Thursday, March 27, 2014
Two Major Discoveries about Our Solar System
Two major finds were announced yesterday: the first rings found around an asteroid, and the most distant object -- a dwarf planet -- ever seen in our solar system. Let me fill you in on the details.
The unexpected rings were found around the asteroid Chariklo, a 150-mile wide chunk that orbits between Saturn and Uranus. A group of South American astronomers observed Chariklo moving in front of a star, and glimpsed two thin rings around it. The rings are roughly 4 and 2 miles wide and are separated by a gap of some 5 1/2 miles. In the past, when we have found distinct thin rings like this, they have been kept thin by the presence of small "shepherding moons." The analogy is the shepherds keep a flock of sheep in a thin line, and these moons keep the particles of the rings from drifting away from their formation. So we expect that one or more such moons will eventually be found around Chariklo.
How did an asteroid get itself a set of rings -- which we have previously seen only around giant planets? Our best guess is that Chariklo was involved in some sort of cosmic accident and the rings are left-over debris from that event.
By the way, Harry Potter fans and mythology buffs will appreciate the name of the asteroid. In classical mythology, Chariklo was the wife of Chiron, the best known of the Centaurs -- creatures that were half human and half horse. In the same way, the Centaurs in our solar system are also half-breeds -- they have some characteristics of asteroids and some of comets.
The second discovery was of a dwarf planet orbiting so far away from the Earth and the Sun that it is the most distant world we have seen in our solar system. The small, frozen world, estimated to be about 250 miles wide, is called 2012 VP113, a boring provisional name that includes the date of its first sighting and letters and numbers that give a code for what its order is in the discovery of small objects that year. But because the letter code happens to be VP, the discoverers have nicknamed it Biden (but that will not be its final official name.)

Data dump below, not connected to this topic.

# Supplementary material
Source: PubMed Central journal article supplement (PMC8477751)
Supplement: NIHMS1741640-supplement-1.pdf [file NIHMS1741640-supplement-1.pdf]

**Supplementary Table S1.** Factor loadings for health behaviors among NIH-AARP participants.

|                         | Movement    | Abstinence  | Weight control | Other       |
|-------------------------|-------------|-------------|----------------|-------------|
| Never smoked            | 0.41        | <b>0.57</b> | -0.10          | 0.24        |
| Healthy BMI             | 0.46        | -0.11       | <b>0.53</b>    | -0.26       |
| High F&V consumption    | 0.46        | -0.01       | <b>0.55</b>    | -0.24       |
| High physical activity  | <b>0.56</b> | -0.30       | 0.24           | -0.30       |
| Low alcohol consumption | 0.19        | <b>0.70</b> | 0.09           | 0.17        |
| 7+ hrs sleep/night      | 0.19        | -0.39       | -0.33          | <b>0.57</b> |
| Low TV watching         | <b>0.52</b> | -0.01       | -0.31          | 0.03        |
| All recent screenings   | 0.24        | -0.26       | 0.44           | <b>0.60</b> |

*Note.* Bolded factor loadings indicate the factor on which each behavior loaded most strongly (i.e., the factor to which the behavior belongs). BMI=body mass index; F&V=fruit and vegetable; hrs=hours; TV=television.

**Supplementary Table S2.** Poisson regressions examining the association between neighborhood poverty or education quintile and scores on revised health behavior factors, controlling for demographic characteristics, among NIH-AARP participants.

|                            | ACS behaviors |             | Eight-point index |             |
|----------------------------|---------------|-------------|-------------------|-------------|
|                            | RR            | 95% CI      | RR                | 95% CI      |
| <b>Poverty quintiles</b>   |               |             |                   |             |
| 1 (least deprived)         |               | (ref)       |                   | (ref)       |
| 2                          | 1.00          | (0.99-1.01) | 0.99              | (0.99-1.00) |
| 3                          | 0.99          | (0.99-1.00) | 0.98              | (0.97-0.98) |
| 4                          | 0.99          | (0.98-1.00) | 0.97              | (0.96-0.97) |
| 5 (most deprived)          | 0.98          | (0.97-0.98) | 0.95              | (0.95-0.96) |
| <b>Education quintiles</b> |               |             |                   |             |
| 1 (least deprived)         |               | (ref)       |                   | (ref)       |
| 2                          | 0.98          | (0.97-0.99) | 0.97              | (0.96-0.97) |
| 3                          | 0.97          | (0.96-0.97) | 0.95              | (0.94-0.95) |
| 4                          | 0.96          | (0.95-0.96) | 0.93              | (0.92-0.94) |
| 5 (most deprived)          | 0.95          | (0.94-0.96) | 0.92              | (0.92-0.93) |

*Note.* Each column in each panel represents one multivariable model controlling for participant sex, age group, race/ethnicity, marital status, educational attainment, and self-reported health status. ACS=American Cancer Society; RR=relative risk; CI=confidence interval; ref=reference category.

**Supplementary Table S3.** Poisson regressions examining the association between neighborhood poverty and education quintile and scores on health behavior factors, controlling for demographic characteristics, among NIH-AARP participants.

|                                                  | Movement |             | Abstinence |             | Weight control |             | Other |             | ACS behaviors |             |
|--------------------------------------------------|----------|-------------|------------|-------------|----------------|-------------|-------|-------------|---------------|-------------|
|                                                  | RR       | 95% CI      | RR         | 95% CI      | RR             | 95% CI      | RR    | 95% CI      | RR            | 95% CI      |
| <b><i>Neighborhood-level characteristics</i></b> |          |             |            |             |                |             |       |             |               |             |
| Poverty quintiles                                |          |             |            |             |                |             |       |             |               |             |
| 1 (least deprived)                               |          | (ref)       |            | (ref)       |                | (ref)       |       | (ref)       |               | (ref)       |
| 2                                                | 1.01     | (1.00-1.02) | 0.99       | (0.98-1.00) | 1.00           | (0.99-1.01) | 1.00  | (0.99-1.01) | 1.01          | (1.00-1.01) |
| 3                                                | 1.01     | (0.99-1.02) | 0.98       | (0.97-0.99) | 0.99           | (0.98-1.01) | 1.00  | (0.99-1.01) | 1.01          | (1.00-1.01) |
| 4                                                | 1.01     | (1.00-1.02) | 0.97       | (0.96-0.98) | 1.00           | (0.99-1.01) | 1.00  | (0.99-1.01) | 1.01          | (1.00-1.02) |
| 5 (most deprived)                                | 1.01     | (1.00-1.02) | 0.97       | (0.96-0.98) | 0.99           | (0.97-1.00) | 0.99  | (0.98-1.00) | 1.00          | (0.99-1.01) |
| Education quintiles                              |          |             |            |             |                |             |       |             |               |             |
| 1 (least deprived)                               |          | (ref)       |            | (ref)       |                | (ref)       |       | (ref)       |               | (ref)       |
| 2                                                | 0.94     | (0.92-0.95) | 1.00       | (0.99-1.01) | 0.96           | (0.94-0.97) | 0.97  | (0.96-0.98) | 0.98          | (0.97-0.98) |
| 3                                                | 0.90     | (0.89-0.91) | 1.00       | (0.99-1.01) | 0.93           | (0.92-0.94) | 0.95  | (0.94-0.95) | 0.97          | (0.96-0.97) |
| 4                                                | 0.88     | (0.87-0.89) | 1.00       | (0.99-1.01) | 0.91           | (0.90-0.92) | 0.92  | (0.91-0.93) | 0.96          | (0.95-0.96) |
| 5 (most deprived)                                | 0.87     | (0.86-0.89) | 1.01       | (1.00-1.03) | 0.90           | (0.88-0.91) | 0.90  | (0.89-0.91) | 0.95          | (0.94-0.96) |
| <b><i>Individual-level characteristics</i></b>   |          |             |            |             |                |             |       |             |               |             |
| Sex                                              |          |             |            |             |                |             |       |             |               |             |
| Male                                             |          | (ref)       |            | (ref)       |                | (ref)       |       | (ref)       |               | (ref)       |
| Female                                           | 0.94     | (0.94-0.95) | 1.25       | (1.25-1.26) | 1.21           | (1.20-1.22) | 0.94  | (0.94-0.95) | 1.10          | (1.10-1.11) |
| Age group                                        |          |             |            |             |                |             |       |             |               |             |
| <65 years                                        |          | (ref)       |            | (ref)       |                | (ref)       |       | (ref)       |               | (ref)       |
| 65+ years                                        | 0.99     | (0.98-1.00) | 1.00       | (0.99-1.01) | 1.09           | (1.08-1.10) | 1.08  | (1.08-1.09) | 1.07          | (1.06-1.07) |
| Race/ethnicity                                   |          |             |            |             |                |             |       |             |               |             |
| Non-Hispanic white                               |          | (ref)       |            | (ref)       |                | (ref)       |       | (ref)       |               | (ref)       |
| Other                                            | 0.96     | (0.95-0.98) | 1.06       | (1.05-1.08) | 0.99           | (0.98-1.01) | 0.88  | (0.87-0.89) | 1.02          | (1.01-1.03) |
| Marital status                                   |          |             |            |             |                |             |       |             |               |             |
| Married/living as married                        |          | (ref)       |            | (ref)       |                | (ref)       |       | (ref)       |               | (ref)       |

I can't resist noting, in case you were not aware of this, that each vice president of the U.S. already has a direct connection to the world of astronomy, since the vice-president's residence is on the grounds of the U.S. Naval Observatory. Many vice-presidents brings guests to the observatory and even have parties there.
Little "Biden" (the world) is really, really out there, beyond what we think are the borders of the Kuiper Belt -- the zone of Pluto, other dwarf planets, and small icy chunks that make a belt outside the orbit of Neptune. The conventional wisdom has been that this belt should end at 50 times the distance between the Earth and the Sun (which we call 50 astronomical units), or about 4 1/2 billion miles from the Sun.
Biden, on the other hand, makes a looping orbit further out, and never gets closer to the Sun than 80 astronomical units or 7 1/2 billion miles. And most of the time is is even further out. (Another object found earlier, now called Sedna, is also out there.) The presence of such "far-out" members of our solar system, while not impossible, is surprising enough that astronomers are now set to pondering what got them out there.
Our image shows an artist's conception (no one has a photo of it) of what Chariklo and its two rings might look like out there, provided by the European Southern Observatory.